Ken Levine from Irrational Games, and creator of Bioshock and the upcoming Bioshock Infinite was recently interviewed by Develop magazine and in it he talks about his life in games, and some of the key differences in film. It culminates with him being offered a chance to work on a hollywood film – an offer he flatly refused.
“I was offered the chance to make a game with a film director. A very talented film director,” he said.
“[The Hollywood execs said] they really liked what I was doing and wanted to share it – that this project with creative leads from both game and film – was going to be amazing.
“My feeling is, why? Why would any game designer want to do that?
“What’s the point of having two creative leads together, and why would I want a film director to help me make a game, any more than they would want me to help out with their films?”
“I think there’ a sense in the entertainment fields that videogames are seen as the junior varsity,” he said.
“There’s this feeling of ‘oh one day you can come up to our league’.
“And of course film directors can jump through the game industry’s open doors. Guillermo del Toro – who by the way is an amazing film director – recently signed a deal with THQ to make videogames.
“And I’m thinking… he’s never made a videogame.
“Maybe he’s got a genius for it. But games are really, really hard to make well. In our industry there’s too many people star-struck of the movie world, jumping into deals with some big movie director just because they’re big film directors.”
From Develop online
I’ve written already about how the language we use defines our ability to discuss games and development – and what this interview did for me was extend that to considering our relationship to first ‘screen’ industries & agencies and then to ‘technology’ industries and agencies because I think that in engaging with the wider culture, our emphasis on these two words – ‘screen’ and ‘technology’ – influences the discussion in similar ways to ‘original IP’ and ‘industry’.
In the first instance, the majority of government funding for creative digitial projects, including games, flows through the established screen bodies, locally that’s Film Victoria and Screen Australia. In the second, the majority of mainstream media coverage of games sits in their technology coverage alongside items about the internet, cybercrime, how business uses technology, and emerging legal issues.
Sadly, the central metaphors for these both fail to capture the unique aspects of games, which is not in how they deal with character or plot or empathy, nor is it in solving problems or enabling an amplification of effort, it is in the way they, through a systemic engagement of rules and variables and goals, create a feedback system with their audience – it’s in how they’re interactive; it’s in how they’re games.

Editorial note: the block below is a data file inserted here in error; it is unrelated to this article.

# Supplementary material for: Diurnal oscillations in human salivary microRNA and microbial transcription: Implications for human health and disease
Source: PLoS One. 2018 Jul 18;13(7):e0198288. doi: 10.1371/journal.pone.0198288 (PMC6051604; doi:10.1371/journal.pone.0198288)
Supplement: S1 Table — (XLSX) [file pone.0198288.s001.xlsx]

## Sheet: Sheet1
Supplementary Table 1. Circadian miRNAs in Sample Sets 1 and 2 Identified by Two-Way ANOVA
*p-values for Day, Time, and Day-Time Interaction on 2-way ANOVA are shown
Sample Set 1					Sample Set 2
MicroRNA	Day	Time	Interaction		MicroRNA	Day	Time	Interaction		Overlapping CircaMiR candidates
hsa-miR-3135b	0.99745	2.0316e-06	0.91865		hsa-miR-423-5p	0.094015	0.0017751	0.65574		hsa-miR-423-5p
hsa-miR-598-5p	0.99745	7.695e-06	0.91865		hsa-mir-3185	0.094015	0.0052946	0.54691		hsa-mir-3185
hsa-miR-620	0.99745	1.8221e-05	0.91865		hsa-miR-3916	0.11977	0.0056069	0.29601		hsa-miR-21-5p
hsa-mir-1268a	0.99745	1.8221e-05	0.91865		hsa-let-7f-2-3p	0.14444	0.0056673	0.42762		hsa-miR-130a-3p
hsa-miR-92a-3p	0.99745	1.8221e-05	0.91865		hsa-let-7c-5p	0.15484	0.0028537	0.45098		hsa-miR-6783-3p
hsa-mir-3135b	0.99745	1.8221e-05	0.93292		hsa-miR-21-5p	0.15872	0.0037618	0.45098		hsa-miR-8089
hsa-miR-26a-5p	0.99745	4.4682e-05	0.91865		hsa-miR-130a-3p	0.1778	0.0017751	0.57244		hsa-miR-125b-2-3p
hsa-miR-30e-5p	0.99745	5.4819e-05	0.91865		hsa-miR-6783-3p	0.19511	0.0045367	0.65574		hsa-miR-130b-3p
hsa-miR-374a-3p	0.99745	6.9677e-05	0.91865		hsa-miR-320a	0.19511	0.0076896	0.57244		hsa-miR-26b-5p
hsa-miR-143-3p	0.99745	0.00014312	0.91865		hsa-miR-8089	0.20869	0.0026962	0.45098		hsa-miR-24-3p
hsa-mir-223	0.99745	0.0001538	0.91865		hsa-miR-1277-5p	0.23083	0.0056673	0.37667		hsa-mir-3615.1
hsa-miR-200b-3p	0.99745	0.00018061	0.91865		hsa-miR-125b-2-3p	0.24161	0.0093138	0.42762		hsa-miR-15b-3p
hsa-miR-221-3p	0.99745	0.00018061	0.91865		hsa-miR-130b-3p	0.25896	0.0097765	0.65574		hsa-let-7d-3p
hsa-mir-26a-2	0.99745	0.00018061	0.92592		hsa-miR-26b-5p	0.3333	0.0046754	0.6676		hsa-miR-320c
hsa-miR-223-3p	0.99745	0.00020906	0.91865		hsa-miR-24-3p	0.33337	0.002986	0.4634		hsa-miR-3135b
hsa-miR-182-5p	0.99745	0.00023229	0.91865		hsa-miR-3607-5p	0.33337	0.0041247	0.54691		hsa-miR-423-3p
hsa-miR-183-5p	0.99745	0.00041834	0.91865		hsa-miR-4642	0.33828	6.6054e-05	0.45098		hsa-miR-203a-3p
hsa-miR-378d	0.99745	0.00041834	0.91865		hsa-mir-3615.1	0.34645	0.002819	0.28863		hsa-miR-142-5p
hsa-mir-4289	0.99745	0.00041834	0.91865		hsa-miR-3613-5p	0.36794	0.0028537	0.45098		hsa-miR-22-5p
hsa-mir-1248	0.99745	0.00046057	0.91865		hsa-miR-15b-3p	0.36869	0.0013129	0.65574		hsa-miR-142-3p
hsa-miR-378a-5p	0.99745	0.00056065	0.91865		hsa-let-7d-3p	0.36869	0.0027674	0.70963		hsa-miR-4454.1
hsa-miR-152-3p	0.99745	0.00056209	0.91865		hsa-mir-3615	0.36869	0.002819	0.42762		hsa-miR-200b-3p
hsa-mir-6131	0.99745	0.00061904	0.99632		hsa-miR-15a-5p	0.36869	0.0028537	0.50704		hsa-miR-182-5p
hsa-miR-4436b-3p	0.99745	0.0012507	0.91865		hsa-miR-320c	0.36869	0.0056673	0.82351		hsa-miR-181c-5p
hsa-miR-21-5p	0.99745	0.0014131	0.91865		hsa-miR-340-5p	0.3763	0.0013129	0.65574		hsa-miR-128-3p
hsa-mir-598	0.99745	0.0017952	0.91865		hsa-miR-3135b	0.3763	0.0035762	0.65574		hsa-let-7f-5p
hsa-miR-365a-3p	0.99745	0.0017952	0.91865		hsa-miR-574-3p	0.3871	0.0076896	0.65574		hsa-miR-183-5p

Historically, it isn’t that surprising that our language has become intertwined with these two models of thinking. Technology has been one of the driving forces of video games since their inception, and screen describes both our central presentation mechanism and also belongs to the most recent dominant cultural form – one in which many of our practitioners have been immersed in growing up, and one which is culturally and economically powerful.
But as long as someone else defines the language of the conversation, we’ll be told that we are culturally problematic because we can’t tell Australian stories (anyway, rather than telling Australian stories, wouldn’t we be better empowering Australians to tell their stories – a point I intend to come back to), or that games can’t be art because they are defined by a narrow band of interaction that ignores years of development, or that what we do can be done by anyone with a modicum of intelligence or training, all by people who don’t participate in the medium – and who certainly don’t create in it.
These are the subtle and not so subtle ramifications of the dialog and language used and which need to be offset by us emphasising that while games can be used to tell stories, they are not necessarily a storytelling medium, that while they might share production processes and presentation elements, they have their own expressive and emotive grammar that relies on interaction with systems and rules, and while the mainstream coverage might focus on a small but violent subsection of games, there is more, much more, to them than that.
Which might all seem obvious to people embedded in games and game culture, but for those outside of it, those in media or government or those looking at shifting from one screen medium to another, the fundamentals of this conversation are something new. Still entrenched in the storytelling language and metaphors of the moving image, or in the possibilities of an emergent technology, their ability to converse about interactivity and its expressive possibilities is constrained by those frameworks.
It’ll be a long, slow process of education, but I think that by reframing the conversation in our terms, moving from the industrial to the cultural, from the mechanical to the emotive, we can get there sooner rather than later.